Lincoln v Barnes – 5th Circuit (5APR2018)

Lincoln v Barnes – 5th Circuit (5APR2018)

The plaintiff in this 42 U.S.C. 1983 civil suit against the police officers of Colleyville, Texas brought suit alleging the police violated her Fourth Amendment rights to be free from unreasonable government searches and seizures when they detained her on the scene for two hours and then transported her to the police station and questioned her for two hours prior to releasing her after the SWAT team shot and killed her father.

On December 26, 2013 the Colleyville Police Department responded to a call that a man armed with a gun was on his way to a specific location to kill his mother. The officers responded to the residence where John Lincoln and his daughter Erin Lincoln, the plaintiff in the suit, were inside the house. John Lincoln repeatedly would open the door and make comments such as “come and take it” and “make your move” to the officers assembled outside. After refusing instructions by the SWAT team to drop his weapon, John Lincoln was shot by the SWAT team. After he was shot, his daughter Erin began screaming and ran to him. SWAT officers had to physically remove her from her father’s side to secure the scene and provide him with medical attention. She was initially handcuffed (although they were removed later) and placed in the backseat of a police car for nearly 2 hours. She was then taken to the police station where she was questioned prior to being released. In total, she was detained for over four hours.

The Fifth Circuit concluded that this action constituted a seizure under the Fourth Amendment and at a minimum was an investigatory suspicionless detention triggering Fourth Amendment scrutiny. The court cited many cases involving the detention of witnesses to a crime, noting that any such detention must be “minimally invasive.” The court held that although it may have been reasonable to detain Erin as a witness for some amount of time to determine her role in the situation, they exceeded that authority when they detained her in the back of the police car for two hours. The court noted that it may have been reasonable for the officers to remove her from the scene given her proximity but stated “it does not necessarily follow that they had unbound authority to hold her for roughly 4 hours, notably without probable cause.”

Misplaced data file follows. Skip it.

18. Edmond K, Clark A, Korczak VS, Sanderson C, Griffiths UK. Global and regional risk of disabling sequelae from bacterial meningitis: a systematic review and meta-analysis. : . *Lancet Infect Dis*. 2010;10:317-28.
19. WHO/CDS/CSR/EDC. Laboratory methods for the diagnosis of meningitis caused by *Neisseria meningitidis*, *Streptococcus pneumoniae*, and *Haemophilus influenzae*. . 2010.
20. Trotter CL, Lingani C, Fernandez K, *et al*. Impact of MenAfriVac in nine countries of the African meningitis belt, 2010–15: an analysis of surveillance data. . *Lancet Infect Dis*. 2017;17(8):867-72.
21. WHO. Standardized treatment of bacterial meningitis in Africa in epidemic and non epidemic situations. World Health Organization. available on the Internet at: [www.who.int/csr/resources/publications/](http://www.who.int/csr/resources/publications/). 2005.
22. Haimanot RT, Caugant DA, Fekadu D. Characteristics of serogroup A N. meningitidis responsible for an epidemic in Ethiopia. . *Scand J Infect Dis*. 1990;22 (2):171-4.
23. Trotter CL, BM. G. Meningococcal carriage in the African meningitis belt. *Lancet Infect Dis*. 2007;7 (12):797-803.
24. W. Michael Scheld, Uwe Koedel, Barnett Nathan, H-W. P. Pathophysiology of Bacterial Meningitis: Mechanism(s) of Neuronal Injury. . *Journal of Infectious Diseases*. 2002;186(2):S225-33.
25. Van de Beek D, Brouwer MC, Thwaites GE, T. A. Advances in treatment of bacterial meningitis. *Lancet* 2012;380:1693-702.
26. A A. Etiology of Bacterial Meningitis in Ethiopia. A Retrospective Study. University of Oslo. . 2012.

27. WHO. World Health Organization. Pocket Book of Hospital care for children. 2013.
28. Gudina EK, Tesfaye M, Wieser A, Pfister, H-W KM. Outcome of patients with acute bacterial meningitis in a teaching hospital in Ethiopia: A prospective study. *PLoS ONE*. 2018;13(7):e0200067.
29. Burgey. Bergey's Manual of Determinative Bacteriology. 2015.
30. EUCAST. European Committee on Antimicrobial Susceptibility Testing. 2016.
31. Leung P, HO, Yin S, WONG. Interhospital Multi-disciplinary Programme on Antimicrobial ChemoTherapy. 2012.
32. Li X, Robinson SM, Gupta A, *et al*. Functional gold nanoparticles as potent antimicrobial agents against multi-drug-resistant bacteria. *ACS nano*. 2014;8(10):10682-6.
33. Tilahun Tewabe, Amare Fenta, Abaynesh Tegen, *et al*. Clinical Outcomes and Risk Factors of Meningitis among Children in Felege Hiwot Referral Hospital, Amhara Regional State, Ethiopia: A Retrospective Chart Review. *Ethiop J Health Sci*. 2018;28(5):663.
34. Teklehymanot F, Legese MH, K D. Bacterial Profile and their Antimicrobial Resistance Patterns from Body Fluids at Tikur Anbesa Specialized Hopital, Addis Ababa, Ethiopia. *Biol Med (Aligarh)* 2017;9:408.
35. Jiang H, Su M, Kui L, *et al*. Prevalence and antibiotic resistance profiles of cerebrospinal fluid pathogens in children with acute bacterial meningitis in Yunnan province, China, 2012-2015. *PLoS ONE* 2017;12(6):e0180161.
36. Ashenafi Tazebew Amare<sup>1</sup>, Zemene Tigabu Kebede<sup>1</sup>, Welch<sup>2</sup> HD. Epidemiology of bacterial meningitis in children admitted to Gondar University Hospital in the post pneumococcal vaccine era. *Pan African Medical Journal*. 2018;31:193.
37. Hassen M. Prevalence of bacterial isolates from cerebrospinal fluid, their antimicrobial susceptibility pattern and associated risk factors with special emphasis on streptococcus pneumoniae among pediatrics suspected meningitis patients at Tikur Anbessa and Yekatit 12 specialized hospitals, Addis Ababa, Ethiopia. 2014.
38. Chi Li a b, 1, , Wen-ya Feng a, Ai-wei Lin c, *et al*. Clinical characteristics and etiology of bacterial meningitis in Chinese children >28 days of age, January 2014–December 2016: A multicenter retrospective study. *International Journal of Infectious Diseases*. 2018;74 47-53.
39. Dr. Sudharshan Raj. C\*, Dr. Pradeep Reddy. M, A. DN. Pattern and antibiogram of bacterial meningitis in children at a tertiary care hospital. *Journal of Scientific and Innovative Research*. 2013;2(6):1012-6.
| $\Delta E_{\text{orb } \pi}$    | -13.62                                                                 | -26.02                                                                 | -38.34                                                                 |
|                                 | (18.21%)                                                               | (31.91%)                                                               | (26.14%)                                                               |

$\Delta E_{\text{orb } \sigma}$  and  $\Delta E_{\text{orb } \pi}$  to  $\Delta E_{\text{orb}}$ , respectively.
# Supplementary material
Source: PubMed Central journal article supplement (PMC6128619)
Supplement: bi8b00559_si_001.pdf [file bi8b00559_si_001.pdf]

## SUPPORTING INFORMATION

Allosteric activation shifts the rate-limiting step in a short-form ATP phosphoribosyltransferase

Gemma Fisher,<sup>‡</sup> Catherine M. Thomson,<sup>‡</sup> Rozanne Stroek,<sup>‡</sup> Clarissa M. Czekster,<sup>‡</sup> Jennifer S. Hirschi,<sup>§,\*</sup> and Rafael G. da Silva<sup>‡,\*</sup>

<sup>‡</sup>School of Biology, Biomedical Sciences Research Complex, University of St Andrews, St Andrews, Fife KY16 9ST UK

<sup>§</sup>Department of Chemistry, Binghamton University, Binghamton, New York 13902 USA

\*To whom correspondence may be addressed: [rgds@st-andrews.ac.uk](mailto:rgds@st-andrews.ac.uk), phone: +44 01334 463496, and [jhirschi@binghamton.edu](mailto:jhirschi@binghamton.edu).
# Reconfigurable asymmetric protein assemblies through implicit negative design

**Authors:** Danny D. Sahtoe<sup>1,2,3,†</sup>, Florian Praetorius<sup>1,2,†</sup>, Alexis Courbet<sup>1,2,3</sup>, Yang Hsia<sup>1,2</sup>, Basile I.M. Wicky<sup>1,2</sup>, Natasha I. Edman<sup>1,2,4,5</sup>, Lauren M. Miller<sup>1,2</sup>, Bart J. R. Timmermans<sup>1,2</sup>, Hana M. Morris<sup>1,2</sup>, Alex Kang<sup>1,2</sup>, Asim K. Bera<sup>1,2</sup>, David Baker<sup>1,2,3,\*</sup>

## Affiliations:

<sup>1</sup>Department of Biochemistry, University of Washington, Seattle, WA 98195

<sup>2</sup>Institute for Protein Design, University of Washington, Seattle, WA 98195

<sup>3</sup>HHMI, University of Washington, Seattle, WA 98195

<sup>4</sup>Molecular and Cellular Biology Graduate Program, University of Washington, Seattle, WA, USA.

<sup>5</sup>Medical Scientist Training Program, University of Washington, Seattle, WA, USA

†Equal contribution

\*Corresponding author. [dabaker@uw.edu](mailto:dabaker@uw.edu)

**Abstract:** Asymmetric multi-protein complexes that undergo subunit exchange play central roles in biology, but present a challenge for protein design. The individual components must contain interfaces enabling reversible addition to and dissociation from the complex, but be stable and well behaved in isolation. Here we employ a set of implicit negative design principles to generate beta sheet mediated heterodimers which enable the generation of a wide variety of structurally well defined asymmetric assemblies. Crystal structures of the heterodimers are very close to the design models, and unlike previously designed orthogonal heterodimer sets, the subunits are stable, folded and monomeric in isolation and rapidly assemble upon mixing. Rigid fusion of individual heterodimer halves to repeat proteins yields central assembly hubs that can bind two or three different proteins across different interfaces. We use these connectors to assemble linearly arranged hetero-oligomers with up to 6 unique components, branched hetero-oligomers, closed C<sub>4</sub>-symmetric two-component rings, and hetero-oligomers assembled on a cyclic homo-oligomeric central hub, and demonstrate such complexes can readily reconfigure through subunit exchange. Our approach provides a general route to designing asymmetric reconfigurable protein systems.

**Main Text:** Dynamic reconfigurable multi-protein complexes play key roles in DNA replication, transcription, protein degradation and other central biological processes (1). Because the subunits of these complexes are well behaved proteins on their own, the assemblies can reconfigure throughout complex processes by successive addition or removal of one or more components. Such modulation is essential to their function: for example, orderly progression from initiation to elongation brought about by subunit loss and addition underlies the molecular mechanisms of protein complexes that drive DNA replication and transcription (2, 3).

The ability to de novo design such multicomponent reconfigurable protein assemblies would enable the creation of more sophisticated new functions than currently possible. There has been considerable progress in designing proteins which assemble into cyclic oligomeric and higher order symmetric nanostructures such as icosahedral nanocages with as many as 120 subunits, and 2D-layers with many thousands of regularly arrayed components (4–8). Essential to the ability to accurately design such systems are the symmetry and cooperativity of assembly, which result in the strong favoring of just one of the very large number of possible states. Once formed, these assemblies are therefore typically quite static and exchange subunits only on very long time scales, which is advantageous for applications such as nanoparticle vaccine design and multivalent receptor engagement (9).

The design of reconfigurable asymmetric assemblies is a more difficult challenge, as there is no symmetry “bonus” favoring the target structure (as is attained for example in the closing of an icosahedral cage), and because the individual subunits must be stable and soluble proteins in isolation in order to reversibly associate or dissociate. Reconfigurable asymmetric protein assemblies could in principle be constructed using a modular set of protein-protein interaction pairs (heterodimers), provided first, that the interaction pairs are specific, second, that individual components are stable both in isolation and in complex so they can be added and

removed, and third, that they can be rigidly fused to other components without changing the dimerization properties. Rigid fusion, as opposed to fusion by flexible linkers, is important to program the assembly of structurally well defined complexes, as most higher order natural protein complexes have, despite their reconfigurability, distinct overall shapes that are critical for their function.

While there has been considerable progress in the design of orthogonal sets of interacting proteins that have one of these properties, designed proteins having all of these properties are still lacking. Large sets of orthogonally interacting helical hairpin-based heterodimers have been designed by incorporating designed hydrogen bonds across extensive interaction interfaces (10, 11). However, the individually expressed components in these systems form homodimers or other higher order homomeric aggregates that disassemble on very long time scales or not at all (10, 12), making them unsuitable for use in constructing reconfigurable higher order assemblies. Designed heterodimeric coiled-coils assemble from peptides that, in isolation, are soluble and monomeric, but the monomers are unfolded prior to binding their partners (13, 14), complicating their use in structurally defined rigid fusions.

Having determined that the officers violated the plaintiff’s Fourth Amendment rights, the court next turned to the issue of whether the right was clearly established at the time of the action. The court noted that their inability to point to a string of cases establishing “settled law” that these facts amount to Fourth Amendment violation demonstrates that the violate right was not so clearly established that these officers can be liable. Accordingly, the Fifth Circuit affirmed the District Court’s grant of qualified immunity to these officers.

Bruce’s Footnote:

In many of these cases, the court skips to the second question in finding qualified immunity based on the lack of a clearly established principle without answering the first question as to whether or not a constitutional violation had occurred. In this case, the court answered both questions concluding that a Fourth Amendment violation had indeed occurred in the situation. Accordingly, although these officers received qualified immunity, it is now clearly established that this type of action is Fourth Amendment violation and so in the future, officers would not receive qualified immunity for similar actions.

For a PDF copy of the full opinion click here.